Study

The effects of sowing density and substrate texture on the survival of yellow horned-poppy Glaucium flavum, a glass house experiment, eastern England

  • Published source details Walmsley C.A. & Davy A.J. (1997) The restoration of coastal shingle vegetation: effects of substrate composition on the establishment of seedlings. Journal of Applied Ecology, 34, 143-153

Summary

Shingle beach vegetation at Sizewell, Suffolk, eastern England, was extensively damaged during construction of a power station. The feasibility of restoring vegetation and identification of best techniques to employ was undertaken in a series of experiments. Summarised here are the results of a glasshouse experiment which examined the effects of sowing density and substrate texture on the survival of yellow horned-poppy Glaucium flavum.

Study site: The glasshouse experiment used yellow horned-poppy Glaucium flavum seed collected from the beach at Sizewell, Suffolk, eastern England (National Grid ref: TM 475635).

Poppy seed and sowing substrate: Yellow horned-poppy seed, 18 months old, was stratified at around 2ºC in sand for 23 weeks to break dormancy. On 24 January 1993, the seed was sown in 9-cm square pots (10 pots, five seeds each, thinned to one/pot after germination; five pots 10, 25, 50 and 100 seeds) containing either 100% washed horticultural sand or, 1 1:4 mix of sand and 5 mm grade shingle. The seed was sprinkled on the surface and covered in 2-4 mm of sand. The pots were kept in a heated (15ºC) illuminated (400 W sodium lamps 16 h/day) glasshouse. Pots were regularly watered and fed with liquid fertilizer.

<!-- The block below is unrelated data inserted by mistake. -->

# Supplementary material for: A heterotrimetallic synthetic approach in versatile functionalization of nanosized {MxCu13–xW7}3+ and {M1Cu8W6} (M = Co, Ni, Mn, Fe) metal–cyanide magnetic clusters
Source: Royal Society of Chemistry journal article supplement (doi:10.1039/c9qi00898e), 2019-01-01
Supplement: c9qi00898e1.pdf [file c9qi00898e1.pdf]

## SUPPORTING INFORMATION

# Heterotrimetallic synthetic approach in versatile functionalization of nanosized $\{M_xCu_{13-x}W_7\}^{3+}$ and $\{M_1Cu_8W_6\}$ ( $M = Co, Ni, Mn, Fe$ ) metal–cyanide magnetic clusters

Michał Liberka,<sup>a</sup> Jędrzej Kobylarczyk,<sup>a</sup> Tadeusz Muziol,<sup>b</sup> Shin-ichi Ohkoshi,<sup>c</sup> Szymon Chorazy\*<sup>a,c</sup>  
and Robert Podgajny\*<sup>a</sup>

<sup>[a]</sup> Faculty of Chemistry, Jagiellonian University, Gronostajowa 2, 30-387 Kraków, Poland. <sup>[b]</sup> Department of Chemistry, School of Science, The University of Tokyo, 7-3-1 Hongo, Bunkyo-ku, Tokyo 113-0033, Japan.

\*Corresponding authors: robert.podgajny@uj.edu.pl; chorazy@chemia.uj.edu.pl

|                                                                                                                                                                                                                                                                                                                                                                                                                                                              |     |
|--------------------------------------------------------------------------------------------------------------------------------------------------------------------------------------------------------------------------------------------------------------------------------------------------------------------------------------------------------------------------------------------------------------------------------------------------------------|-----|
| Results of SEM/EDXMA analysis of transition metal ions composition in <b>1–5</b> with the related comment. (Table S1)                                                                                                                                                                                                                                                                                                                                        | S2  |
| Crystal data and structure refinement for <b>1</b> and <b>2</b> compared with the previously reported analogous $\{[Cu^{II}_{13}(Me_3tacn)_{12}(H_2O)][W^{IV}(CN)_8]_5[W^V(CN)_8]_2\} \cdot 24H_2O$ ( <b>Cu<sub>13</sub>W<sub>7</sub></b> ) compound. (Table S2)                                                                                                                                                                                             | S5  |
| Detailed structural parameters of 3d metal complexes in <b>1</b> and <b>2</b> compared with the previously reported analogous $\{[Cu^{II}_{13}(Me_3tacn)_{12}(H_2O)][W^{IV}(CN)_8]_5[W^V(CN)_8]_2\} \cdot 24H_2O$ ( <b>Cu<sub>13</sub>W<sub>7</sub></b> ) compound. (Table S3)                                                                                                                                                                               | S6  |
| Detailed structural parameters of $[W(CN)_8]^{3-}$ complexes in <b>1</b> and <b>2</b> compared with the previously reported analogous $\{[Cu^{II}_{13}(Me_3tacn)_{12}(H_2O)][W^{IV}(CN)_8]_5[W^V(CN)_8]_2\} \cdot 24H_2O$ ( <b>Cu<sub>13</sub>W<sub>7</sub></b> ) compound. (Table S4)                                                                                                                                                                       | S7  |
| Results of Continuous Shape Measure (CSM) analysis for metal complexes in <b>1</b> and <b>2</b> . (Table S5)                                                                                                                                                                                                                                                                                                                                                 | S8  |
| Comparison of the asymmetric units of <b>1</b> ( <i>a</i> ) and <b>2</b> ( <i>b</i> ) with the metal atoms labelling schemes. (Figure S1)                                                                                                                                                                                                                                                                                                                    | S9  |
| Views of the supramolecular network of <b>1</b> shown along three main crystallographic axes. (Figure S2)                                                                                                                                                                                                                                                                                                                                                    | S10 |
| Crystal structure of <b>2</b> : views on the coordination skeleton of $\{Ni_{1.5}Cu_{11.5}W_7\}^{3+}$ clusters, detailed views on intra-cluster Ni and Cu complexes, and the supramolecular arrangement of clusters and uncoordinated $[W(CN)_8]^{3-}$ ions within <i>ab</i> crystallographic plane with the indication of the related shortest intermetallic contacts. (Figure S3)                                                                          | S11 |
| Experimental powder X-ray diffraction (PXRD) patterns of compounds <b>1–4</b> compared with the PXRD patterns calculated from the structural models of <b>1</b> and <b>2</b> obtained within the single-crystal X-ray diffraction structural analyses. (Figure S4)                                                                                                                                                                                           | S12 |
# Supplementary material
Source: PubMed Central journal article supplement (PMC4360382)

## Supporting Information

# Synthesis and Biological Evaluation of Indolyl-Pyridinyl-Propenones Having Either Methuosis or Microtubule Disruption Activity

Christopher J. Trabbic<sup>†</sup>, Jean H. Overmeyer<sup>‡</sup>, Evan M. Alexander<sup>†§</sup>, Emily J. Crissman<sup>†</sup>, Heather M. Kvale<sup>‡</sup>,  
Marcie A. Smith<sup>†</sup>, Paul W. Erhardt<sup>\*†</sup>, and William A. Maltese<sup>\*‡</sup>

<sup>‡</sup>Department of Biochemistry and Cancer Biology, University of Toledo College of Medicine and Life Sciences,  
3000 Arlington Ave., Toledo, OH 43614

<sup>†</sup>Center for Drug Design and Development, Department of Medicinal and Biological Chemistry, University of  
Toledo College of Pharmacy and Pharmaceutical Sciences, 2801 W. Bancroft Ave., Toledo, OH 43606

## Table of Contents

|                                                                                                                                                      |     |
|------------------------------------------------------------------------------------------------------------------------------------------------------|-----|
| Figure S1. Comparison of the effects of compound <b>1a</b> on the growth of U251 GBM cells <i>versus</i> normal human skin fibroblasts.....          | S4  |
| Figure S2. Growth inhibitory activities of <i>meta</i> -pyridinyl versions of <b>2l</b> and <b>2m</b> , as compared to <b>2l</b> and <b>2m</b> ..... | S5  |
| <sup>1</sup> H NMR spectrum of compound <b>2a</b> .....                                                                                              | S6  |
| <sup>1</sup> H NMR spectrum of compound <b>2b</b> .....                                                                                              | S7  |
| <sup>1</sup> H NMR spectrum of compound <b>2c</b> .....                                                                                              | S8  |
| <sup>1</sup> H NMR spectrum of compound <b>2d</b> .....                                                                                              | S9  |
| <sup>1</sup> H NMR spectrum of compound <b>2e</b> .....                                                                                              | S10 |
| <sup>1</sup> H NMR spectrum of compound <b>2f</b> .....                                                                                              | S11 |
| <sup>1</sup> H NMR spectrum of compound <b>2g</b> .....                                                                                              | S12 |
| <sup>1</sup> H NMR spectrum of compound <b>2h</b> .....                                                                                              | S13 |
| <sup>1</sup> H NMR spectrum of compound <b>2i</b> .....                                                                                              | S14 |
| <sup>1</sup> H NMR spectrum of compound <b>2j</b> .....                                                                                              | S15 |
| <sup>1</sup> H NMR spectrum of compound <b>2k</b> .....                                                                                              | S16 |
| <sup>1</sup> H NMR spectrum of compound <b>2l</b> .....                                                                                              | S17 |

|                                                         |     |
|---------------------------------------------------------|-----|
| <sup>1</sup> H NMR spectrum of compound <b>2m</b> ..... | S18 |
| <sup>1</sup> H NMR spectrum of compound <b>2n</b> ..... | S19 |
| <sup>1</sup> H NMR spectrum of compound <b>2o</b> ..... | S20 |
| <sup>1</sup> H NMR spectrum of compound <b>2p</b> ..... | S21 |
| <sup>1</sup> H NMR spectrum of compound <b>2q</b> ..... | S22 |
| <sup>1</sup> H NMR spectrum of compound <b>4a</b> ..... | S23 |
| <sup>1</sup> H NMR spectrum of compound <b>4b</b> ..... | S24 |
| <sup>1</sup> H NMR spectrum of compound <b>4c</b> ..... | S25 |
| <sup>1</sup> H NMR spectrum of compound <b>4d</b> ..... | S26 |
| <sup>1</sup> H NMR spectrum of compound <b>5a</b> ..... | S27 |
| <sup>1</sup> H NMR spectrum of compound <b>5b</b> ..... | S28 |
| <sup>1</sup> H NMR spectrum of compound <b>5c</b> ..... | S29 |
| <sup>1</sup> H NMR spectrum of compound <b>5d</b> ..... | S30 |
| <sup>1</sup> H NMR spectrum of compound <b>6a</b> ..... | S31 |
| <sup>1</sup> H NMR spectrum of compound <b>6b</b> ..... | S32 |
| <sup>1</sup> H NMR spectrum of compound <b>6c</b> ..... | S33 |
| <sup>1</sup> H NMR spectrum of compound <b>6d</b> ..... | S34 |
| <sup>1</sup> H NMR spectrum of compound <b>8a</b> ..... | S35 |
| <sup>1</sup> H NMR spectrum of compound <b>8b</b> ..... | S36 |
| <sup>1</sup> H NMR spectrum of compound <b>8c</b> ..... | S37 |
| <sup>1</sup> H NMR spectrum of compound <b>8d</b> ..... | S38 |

Seedling emergence and survival: Seedling emergence and survival were recorded at first three times/week, and then at reduced frequency. The experiment ran over 22 weeks, at the end of which plants were dried and weighed to obtain shoot and root dry mass.

Percentage emergence was quite low, 51% in the sand substrate, and 44% in the shingle sand mix. The lower emergence in the latter is attributed to less water and seed retention in the surface shingle. However the surviving density of plants was greater in sand-shingle mix throughout the range of sowing densities. Seedlings also grew much less in the sand than in the sand-shingle mixture.

On shingle, survival was negatively density-dependent, but the much lower survival on sand was density-independent. Consequently, the higher mortality on sandy field plots was probably directly associated with substrate effects.


Note: If using or referring to this published study please read and quote the original paper, this can be viewed at: http://www.jstor.org/view/00218901/di996081/99p0191b/0

Output references

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